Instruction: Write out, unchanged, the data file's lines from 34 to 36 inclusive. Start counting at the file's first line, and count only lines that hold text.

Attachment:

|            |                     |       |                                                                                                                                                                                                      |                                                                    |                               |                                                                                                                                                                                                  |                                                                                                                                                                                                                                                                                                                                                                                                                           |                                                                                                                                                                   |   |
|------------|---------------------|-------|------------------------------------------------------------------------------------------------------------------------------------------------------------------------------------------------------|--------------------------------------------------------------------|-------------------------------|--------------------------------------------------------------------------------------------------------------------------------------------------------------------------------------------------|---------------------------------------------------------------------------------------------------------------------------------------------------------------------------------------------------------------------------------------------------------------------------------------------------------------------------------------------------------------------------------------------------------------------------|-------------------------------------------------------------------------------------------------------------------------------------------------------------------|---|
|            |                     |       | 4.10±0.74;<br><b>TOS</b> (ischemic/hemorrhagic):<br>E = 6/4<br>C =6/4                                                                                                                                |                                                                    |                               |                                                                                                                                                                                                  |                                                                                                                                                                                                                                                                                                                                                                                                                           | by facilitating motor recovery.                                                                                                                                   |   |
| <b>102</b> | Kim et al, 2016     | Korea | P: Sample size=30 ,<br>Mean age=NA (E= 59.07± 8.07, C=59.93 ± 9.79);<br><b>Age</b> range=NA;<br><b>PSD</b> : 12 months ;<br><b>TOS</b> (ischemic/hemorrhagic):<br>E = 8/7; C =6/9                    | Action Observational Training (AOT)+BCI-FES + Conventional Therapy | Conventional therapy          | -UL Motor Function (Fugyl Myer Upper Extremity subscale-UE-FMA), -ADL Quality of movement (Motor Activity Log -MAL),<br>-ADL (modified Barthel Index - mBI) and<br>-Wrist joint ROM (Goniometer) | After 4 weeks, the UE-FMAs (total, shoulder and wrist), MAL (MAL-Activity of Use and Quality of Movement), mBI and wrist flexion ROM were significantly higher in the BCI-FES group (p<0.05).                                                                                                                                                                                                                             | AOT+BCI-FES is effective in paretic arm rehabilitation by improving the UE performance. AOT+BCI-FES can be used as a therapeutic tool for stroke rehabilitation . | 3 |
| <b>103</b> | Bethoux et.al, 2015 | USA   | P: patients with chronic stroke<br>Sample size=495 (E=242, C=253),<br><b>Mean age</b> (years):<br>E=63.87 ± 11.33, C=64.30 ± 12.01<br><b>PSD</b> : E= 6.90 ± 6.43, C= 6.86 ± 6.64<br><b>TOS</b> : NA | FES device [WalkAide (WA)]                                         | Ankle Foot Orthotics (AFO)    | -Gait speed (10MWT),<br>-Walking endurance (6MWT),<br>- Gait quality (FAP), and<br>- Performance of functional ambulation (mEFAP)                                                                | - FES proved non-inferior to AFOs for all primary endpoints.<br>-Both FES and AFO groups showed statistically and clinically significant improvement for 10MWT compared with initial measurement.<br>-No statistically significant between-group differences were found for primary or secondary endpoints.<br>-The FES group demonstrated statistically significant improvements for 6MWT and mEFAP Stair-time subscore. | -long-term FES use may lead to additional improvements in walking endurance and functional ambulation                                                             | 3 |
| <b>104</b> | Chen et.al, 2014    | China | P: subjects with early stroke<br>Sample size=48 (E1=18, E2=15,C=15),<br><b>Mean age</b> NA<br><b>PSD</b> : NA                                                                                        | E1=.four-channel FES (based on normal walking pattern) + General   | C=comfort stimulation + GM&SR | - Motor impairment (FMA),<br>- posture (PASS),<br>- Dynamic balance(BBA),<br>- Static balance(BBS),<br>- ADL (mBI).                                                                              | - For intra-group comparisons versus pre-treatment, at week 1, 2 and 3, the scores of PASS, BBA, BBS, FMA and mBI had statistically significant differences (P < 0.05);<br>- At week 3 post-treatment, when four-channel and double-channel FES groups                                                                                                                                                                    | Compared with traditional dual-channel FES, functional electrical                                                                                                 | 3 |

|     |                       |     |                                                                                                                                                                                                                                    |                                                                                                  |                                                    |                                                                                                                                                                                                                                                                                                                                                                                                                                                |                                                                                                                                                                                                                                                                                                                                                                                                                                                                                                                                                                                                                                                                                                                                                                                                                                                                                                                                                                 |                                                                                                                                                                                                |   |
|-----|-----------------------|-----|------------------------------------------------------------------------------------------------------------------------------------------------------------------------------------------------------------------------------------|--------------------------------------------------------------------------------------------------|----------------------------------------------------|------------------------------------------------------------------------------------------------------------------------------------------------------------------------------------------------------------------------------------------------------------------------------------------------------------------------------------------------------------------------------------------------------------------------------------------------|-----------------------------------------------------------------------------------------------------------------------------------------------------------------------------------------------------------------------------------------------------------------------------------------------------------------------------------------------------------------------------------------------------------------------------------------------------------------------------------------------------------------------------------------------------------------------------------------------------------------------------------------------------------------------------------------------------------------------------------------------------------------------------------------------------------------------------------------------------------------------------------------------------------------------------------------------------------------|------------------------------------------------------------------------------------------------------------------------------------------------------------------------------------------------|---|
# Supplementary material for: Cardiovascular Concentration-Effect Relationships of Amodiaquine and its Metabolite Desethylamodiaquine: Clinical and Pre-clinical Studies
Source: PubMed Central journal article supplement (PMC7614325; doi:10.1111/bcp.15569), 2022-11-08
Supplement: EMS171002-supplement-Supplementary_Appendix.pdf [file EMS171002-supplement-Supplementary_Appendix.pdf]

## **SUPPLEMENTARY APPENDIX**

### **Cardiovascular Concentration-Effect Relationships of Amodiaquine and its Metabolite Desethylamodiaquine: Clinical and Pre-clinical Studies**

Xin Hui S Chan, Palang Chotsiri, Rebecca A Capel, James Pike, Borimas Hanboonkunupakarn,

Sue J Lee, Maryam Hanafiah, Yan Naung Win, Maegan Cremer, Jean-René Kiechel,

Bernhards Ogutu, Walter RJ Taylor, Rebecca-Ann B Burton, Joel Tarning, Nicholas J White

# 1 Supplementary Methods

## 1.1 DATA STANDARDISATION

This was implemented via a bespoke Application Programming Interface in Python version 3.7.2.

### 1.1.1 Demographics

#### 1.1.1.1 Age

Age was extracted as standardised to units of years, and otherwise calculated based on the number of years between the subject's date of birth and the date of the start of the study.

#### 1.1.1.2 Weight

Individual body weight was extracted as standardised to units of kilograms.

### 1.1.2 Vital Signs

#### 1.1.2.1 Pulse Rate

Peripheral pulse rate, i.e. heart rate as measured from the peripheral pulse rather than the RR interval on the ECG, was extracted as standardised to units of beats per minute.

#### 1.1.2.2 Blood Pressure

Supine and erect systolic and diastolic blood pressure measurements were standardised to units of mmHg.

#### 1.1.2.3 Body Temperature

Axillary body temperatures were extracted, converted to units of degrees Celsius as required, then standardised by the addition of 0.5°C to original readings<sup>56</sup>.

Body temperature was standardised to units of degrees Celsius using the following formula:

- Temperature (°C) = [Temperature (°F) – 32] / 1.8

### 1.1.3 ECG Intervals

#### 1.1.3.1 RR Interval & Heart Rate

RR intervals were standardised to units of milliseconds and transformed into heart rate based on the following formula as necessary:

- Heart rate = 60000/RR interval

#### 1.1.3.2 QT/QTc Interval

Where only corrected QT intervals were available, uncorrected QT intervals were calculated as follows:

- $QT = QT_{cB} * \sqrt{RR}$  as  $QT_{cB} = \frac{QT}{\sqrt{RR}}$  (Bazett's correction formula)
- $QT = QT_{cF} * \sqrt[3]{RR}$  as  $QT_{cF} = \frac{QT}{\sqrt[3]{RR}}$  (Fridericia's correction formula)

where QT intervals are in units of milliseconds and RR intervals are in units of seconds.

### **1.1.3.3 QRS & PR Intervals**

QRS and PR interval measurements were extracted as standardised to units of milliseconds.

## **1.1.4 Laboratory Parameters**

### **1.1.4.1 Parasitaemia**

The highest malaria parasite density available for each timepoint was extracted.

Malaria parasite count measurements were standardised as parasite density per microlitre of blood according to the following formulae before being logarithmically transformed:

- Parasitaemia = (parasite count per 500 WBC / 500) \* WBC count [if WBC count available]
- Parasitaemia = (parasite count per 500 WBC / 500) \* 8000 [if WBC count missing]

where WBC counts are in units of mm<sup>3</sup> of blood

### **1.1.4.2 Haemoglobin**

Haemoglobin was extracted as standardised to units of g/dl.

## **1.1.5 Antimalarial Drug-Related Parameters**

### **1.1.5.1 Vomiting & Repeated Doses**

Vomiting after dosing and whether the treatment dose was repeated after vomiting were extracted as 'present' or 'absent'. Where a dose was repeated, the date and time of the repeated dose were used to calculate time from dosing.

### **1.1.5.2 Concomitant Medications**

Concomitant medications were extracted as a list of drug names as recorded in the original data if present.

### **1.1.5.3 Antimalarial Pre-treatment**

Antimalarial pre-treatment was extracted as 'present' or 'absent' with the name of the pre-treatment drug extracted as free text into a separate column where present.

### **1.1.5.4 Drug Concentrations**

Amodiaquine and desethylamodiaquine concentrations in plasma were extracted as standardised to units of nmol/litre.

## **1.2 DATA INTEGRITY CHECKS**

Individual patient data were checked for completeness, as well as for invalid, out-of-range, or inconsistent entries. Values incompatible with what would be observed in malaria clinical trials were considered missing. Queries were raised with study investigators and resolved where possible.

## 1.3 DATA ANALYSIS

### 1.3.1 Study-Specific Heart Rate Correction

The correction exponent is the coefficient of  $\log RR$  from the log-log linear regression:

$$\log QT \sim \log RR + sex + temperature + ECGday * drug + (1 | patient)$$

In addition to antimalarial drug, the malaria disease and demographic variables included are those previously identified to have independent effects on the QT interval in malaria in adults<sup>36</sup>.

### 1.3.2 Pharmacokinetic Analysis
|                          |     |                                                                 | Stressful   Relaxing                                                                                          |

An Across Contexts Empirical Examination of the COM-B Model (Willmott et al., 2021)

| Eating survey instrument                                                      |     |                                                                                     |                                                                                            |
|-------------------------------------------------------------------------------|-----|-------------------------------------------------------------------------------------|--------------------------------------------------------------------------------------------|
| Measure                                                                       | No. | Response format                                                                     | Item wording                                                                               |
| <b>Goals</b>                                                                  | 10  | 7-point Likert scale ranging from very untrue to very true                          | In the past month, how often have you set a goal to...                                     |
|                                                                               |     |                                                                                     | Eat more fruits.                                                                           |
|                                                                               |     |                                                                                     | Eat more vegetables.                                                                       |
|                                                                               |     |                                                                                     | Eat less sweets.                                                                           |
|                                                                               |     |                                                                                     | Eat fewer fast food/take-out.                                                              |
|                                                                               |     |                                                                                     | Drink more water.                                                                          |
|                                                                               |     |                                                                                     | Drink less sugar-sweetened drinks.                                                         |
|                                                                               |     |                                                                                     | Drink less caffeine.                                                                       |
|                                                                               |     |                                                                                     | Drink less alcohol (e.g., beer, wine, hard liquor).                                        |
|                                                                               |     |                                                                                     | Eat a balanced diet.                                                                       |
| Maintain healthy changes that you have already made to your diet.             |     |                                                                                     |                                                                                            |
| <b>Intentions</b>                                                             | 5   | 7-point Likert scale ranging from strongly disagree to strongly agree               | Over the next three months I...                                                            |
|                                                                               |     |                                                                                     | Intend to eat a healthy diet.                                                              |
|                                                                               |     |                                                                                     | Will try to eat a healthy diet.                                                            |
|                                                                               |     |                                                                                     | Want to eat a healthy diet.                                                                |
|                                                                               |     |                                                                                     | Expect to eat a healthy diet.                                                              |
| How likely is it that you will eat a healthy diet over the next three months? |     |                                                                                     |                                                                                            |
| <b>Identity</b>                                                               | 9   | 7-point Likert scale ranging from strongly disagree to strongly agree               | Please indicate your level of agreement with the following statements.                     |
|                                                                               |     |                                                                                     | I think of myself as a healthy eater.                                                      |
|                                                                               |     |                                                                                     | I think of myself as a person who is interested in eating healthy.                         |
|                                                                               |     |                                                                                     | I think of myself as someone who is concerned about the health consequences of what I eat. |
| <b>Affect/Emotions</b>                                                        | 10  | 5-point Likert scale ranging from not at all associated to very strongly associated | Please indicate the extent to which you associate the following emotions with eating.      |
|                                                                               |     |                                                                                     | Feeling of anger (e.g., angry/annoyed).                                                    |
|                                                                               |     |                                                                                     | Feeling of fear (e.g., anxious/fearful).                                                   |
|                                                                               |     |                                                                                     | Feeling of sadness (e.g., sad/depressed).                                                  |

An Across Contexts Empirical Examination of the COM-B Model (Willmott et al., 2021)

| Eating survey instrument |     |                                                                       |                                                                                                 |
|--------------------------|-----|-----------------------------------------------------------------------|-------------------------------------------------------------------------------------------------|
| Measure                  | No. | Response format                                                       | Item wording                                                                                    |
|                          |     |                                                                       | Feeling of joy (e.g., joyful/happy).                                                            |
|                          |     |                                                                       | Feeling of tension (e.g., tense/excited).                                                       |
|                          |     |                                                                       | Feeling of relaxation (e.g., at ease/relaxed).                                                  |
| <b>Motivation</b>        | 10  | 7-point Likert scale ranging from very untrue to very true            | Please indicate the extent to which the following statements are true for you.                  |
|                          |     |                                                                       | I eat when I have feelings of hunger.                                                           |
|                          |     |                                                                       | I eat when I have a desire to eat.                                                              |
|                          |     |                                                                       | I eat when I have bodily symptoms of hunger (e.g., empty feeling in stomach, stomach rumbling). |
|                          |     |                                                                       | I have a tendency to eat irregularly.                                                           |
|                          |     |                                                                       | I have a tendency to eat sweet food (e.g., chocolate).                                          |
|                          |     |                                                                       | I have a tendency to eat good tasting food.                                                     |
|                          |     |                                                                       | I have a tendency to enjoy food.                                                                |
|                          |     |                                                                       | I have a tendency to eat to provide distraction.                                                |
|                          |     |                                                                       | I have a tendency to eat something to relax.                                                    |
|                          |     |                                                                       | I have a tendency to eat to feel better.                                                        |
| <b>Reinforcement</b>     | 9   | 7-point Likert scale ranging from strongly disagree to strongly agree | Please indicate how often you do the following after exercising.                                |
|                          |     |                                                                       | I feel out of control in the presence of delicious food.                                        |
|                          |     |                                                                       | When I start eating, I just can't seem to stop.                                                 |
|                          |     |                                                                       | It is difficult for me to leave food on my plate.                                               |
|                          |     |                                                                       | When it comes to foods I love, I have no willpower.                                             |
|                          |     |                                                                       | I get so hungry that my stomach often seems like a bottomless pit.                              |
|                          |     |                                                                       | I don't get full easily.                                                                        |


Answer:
### 1.1.3 ECG Intervals

#### 1.1.3.1 RR Interval & Heart Rate

RR intervals were standardised to units of milliseconds and transformed into heart rate based on the following formula as necessary: